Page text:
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DEI, energy, transgender facility restrictions: What to expect from the 2024 Utah Legislature


DEI, energy, transgender facility restrictions: What to expect from the 2024 Utah Legislature

Jan 09, 2024 | 7:30 am ET
By Katie McKellar
DEI, energy, transgender facility restrictions: What to expect from the 2024 Utah Legislature
The Utah State Capitol on Dec. 21, 2023. (Photo by Alex Goodlett for Utah News Dispatch)

The Utah Legislature’s 45-day session begins in one week, and the state’s Republican leaders have a long list of priorities, with their sights set on diversity, equity and inclusion practices, transgender facility access and energy policy, to name just three.

Ahead of the session, Utah News Dispatch sat down individually with the state’s Republican leaders — Gov. Spencer Cox, Utah Senate President Stuart Adams, and newly elected House Speaker Mike Schultz — to discuss their priorities for this year’s legislative session. The Dispatch also spoke with Democratic caucus leaders, Senate Minority Leader Luz Escamilla and House Minority Leader Angela Romero, to discuss their expectations, hopes and concerns for the upcoming session.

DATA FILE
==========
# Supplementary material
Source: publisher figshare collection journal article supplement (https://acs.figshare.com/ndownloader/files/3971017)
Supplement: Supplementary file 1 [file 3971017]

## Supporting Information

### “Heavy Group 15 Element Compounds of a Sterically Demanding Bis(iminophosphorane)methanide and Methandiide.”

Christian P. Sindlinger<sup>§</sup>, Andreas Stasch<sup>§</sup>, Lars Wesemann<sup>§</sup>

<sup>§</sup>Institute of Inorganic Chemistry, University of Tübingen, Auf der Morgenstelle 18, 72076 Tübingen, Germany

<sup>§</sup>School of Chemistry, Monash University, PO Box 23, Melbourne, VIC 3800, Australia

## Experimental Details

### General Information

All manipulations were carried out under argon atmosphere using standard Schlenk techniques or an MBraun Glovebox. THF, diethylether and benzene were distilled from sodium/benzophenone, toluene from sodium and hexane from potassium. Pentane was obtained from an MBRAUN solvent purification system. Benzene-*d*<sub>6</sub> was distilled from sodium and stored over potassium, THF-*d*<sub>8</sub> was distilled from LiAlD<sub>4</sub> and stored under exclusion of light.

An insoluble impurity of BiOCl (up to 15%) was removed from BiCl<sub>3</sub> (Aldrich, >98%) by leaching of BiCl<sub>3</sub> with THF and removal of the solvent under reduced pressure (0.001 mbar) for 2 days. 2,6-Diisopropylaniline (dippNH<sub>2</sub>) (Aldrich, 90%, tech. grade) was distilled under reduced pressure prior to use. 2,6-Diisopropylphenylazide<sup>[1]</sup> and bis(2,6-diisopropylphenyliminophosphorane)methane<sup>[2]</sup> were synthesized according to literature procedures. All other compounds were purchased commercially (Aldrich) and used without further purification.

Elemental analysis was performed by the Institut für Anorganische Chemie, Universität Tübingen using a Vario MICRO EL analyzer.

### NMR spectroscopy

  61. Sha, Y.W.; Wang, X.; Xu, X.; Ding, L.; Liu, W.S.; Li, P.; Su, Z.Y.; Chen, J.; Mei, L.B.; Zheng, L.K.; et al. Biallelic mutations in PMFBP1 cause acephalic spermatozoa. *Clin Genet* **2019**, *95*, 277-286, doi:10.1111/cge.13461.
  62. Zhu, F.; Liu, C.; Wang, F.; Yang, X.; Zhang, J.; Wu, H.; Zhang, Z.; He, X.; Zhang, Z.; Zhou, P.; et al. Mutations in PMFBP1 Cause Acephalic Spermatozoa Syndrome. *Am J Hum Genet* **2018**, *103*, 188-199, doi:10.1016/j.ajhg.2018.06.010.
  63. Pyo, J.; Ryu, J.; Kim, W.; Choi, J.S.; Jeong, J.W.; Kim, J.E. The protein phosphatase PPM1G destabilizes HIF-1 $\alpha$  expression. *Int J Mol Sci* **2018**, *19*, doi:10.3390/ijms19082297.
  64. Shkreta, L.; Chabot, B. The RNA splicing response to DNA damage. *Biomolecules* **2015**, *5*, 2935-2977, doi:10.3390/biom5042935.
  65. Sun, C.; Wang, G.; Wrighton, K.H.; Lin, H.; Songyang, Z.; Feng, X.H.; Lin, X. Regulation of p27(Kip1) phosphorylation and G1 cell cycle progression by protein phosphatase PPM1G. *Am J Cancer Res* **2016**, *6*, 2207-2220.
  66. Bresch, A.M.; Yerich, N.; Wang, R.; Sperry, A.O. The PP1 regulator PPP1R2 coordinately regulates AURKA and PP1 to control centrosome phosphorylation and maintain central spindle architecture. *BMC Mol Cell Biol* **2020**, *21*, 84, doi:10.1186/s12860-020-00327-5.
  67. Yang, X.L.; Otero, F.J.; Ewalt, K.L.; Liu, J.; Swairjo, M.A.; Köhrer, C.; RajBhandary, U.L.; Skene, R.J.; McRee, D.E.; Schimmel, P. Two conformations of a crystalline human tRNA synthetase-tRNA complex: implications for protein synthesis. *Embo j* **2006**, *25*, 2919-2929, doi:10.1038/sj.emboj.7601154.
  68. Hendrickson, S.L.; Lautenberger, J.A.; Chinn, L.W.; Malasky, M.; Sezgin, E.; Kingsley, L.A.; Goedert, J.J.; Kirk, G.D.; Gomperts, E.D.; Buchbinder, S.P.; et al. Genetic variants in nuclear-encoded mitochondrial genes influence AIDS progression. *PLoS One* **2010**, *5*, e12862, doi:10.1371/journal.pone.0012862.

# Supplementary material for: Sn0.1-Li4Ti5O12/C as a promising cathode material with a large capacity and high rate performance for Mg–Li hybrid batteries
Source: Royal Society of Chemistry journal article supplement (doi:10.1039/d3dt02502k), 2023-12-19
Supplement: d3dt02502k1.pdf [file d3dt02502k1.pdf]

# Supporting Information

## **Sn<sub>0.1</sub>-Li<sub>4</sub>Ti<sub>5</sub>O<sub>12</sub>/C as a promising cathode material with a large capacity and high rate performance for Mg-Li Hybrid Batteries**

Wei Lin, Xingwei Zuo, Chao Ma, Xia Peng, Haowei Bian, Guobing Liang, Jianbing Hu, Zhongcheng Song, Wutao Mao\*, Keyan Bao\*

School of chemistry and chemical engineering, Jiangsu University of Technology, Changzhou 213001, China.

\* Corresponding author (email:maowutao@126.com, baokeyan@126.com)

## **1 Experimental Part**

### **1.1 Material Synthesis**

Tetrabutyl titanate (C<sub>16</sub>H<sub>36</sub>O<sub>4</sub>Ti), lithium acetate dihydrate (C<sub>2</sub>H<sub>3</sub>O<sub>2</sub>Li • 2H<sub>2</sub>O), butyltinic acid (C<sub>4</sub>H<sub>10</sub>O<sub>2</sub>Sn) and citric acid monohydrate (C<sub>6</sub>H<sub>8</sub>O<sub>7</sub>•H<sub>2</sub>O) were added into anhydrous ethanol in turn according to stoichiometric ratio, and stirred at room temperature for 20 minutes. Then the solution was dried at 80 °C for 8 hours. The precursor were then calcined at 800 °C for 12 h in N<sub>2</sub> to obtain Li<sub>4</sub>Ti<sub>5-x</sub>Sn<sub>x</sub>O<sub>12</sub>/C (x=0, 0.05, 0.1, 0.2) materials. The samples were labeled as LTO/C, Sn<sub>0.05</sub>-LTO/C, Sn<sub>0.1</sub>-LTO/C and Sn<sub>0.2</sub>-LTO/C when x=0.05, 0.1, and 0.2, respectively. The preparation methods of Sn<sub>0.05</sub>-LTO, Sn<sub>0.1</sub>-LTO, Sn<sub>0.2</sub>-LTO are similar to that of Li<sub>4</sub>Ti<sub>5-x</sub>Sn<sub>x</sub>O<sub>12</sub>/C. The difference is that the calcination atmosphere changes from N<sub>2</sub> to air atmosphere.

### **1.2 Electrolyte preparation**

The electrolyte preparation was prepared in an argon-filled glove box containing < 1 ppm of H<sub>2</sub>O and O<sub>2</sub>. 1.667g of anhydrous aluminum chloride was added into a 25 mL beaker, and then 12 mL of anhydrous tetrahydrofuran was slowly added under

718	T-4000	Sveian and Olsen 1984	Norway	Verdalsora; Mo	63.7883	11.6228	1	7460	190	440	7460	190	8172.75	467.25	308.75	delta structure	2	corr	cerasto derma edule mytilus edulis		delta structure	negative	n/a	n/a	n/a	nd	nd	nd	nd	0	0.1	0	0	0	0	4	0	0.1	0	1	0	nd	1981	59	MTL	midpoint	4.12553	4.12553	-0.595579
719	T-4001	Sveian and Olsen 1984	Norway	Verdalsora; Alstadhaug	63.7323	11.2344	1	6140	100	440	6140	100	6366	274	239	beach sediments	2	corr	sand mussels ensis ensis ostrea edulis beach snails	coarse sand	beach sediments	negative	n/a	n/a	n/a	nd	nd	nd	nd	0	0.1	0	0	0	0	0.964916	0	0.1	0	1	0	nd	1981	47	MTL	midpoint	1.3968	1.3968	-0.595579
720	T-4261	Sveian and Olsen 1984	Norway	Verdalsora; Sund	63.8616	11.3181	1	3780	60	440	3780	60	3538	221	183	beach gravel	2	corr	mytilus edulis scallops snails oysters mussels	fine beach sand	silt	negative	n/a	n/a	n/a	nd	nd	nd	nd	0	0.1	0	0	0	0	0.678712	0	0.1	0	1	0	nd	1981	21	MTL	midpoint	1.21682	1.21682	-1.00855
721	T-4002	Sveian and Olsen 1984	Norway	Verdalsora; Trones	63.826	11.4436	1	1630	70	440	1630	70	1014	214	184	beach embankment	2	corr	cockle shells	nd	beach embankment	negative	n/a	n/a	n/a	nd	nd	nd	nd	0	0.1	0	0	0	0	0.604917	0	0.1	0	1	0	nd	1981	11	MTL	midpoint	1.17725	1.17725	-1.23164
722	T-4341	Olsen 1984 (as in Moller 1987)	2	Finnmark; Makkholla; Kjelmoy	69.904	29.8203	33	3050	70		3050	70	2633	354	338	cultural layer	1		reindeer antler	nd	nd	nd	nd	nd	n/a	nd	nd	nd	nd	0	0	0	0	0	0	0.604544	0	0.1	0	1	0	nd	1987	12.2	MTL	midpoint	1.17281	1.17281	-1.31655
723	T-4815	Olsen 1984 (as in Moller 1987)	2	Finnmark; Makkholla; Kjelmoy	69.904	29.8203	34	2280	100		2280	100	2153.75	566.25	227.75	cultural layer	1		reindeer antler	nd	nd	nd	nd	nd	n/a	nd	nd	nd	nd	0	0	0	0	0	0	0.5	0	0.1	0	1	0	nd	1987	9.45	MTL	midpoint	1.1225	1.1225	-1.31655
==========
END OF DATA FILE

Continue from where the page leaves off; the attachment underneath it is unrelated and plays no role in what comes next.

If this year is anything like past sessions, there will be partisan disagreements, perhaps some ugly fights. However, Democrats are hopeful Utah’s GOP supermajority will continue to include them in conversations — something Schultz, as the House’s new speaker, pledged he will do as he searches for what he called “win-win” solutions that also “put Utahns first.” 

“We’re going to get stuff done in Utah either way because we have the supermajority, but that doesn’t necessarily mean it’s the right way to go about it,” Schultz said, noting he sought House Democrats’ support ahead of his election as speaker while also asking to find ways to work together. 

“You know, on certain issues we’ll go our partisan ways and agree to disagree, and that’s fine. There’s nothing wrong with that,” Schultz, R-Hooper, said. “But I think it’s how we do it and the approach we take that’s the most important.” 

So what issues should Utahns be watching for this year?